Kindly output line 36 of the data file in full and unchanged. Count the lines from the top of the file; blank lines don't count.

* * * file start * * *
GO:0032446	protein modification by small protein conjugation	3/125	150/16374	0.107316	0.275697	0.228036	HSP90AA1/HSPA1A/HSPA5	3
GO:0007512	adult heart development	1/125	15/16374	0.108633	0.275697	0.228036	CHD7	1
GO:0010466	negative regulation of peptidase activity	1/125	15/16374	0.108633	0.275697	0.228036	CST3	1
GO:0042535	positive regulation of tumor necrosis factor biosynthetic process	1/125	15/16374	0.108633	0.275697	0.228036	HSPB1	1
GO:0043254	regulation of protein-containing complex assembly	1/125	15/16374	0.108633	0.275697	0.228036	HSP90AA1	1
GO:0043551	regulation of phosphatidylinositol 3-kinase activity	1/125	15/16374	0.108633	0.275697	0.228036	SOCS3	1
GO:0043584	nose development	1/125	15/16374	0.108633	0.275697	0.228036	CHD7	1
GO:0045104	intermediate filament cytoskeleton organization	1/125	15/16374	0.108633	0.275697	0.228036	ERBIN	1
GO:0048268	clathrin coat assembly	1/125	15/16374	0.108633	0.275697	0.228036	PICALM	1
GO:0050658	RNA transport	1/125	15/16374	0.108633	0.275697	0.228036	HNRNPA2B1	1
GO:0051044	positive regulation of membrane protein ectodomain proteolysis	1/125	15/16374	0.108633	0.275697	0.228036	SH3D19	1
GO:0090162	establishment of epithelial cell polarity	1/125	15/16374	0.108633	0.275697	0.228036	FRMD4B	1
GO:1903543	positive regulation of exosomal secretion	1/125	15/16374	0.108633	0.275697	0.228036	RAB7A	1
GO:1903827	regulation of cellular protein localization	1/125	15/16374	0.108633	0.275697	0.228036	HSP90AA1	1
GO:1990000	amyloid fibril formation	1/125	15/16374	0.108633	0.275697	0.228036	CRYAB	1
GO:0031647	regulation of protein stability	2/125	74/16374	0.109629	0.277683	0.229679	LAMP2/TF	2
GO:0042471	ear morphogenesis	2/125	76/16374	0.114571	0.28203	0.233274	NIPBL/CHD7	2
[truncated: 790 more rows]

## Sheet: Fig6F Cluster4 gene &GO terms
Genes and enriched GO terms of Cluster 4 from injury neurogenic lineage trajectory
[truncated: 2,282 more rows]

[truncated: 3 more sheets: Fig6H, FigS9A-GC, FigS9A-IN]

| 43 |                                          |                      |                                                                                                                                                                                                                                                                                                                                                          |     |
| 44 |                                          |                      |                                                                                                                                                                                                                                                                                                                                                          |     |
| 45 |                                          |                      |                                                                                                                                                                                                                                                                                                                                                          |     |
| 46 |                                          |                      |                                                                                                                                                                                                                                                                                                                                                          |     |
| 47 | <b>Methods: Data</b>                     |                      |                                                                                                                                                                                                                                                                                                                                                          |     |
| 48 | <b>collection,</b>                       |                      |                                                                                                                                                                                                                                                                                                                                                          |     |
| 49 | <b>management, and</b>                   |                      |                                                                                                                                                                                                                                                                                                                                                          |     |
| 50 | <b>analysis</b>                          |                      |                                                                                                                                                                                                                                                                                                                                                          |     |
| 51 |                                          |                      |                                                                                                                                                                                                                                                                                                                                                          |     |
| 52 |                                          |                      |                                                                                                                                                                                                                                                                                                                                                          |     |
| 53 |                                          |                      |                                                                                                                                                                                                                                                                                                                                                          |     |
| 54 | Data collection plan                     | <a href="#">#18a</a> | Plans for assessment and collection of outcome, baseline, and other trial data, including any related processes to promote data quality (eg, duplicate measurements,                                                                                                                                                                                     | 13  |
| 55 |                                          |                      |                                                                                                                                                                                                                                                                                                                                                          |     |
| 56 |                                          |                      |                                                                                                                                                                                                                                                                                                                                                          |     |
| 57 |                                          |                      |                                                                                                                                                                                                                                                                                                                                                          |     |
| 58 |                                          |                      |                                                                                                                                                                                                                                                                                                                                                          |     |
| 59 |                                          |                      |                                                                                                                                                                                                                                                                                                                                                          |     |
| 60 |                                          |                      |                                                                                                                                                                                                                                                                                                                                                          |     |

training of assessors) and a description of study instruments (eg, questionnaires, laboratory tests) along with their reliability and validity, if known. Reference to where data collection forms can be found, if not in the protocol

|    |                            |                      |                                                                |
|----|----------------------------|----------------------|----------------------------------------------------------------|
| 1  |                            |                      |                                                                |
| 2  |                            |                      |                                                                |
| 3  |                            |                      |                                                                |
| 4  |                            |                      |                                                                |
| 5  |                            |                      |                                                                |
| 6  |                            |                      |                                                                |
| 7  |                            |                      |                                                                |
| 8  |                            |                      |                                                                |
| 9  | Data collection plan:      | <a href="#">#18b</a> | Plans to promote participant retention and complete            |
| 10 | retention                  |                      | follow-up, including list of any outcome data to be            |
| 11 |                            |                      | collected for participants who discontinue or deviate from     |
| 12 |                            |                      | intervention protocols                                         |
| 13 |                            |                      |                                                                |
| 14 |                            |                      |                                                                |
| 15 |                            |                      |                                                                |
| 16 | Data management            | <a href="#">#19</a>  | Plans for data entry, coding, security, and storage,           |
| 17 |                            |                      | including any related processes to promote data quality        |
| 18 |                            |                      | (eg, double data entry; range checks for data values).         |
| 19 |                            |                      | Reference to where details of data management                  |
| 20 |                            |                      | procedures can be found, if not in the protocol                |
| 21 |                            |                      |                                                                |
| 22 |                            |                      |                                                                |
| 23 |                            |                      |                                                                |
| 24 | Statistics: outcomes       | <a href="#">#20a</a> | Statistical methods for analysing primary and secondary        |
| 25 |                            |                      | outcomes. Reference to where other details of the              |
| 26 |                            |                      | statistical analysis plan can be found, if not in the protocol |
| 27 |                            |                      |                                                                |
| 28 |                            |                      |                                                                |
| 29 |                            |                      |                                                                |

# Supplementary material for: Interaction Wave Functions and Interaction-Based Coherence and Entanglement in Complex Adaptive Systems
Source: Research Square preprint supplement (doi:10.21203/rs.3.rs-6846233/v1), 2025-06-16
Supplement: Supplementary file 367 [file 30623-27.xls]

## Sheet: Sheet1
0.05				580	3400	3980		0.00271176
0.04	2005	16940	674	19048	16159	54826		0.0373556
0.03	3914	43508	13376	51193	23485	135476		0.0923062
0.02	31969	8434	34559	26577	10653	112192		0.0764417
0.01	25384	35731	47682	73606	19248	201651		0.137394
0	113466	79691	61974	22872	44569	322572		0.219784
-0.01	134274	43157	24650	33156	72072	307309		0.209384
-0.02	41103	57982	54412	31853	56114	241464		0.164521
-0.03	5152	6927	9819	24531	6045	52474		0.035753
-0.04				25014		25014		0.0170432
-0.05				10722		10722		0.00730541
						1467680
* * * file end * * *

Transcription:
| 56 |                                          |                      |                                                                                                                                                                                                                                                                                                                                                          |     |